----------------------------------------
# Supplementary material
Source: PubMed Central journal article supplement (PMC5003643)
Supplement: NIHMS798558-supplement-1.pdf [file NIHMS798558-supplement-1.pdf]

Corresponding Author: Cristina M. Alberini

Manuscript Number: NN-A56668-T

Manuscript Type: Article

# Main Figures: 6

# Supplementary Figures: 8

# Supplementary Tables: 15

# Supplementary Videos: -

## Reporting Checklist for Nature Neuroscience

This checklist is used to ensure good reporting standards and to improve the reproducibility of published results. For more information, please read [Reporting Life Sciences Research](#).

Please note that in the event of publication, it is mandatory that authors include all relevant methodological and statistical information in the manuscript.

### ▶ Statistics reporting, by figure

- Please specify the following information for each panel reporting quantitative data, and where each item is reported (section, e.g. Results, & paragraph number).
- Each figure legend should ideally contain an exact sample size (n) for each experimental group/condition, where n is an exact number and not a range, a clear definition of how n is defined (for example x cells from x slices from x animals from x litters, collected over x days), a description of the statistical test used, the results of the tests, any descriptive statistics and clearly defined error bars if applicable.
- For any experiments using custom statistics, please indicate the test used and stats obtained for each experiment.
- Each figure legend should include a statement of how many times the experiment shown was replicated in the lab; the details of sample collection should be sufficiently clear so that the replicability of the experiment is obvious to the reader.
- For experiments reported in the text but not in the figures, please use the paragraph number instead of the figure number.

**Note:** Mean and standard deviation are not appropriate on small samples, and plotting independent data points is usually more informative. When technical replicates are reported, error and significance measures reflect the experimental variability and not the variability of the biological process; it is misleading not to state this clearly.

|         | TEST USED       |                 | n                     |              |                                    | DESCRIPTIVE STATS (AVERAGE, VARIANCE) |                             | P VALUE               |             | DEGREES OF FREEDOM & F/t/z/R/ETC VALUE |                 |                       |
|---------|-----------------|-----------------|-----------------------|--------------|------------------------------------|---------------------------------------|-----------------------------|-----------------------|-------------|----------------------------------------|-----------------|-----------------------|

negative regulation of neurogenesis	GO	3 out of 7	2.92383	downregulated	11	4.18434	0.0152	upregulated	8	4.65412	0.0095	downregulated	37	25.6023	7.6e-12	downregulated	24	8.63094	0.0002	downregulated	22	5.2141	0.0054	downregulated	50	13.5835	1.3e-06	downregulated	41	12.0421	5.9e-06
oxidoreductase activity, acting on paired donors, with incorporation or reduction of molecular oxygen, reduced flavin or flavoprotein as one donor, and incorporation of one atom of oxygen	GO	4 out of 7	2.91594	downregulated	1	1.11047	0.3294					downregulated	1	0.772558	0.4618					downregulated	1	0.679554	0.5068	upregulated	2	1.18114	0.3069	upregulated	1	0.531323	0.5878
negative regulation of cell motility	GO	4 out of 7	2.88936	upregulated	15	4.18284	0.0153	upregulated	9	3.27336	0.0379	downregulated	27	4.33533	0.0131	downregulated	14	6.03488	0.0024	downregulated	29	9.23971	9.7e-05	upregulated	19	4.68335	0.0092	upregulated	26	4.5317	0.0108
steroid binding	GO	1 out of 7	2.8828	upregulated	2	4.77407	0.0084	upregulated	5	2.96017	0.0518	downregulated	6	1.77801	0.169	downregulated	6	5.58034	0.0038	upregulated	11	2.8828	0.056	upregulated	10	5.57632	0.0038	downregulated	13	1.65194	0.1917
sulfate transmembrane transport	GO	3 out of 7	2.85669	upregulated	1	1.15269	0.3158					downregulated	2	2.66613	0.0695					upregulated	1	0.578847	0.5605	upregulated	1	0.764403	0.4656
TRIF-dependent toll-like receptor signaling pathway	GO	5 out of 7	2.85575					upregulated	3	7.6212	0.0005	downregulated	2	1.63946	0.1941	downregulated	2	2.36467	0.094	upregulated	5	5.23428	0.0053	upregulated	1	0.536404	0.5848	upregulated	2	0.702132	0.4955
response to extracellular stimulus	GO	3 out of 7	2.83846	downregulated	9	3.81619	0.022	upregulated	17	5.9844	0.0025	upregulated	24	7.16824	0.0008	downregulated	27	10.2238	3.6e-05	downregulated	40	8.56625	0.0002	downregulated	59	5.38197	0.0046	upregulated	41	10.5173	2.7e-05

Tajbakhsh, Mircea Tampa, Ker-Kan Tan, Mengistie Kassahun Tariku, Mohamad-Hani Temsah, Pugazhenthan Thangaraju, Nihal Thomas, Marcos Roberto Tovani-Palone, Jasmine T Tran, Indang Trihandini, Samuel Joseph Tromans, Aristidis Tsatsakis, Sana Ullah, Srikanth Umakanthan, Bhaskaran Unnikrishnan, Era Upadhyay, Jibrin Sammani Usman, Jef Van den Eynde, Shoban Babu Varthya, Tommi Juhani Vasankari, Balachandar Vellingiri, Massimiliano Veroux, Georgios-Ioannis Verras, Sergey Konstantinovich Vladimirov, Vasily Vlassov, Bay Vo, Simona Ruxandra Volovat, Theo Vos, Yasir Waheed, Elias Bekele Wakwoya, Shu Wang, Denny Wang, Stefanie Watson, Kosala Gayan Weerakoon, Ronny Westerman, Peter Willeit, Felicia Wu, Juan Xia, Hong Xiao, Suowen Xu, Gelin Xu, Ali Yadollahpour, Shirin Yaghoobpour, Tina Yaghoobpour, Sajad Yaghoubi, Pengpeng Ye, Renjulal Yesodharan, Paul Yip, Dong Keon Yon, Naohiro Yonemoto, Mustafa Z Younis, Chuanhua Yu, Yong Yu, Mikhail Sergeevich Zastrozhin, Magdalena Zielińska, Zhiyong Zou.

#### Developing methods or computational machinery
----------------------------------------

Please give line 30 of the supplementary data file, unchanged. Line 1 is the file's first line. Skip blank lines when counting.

Tajbakhsh, Mircea Tampa, Ker-Kan Tan, Mengistie Kassahun Tariku, Mohamad-Hani Temsah, Pugazhenthan Thangaraju, Nihal Thomas, Marcos Roberto Tovani-Palone, Jasmine T Tran, Indang Trihandini, Samuel Joseph Tromans, Aristidis Tsatsakis, Sana Ullah, Srikanth Umakanthan, Bhaskaran Unnikrishnan, Era Upadhyay, Jibrin Sammani Usman, Jef Van den Eynde, Shoban Babu Varthya, Tommi Juhani Vasankari, Balachandar Vellingiri, Massimiliano Veroux, Georgios-Ioannis Verras, Sergey Konstantinovich Vladimirov, Vasily Vlassov, Bay Vo, Simona Ruxandra Volovat, Theo Vos, Yasir Waheed, Elias Bekele Wakwoya, Shu Wang, Denny Wang, Stefanie Watson, Kosala Gayan Weerakoon, Ronny Westerman, Peter Willeit, Felicia Wu, Juan Xia, Hong Xiao, Suowen Xu, Gelin Xu, Ali Yadollahpour, Shirin Yaghoobpour, Tina Yaghoobpour, Sajad Yaghoubi, Pengpeng Ye, Renjulal Yesodharan, Paul Yip, Dong Keon Yon, Naohiro Yonemoto, Mustafa Z Younis, Chuanhua Yu, Yong Yu, Mikhail Sergeevich Zastrozhin, Magdalena Zielińska, Zhiyong Zou.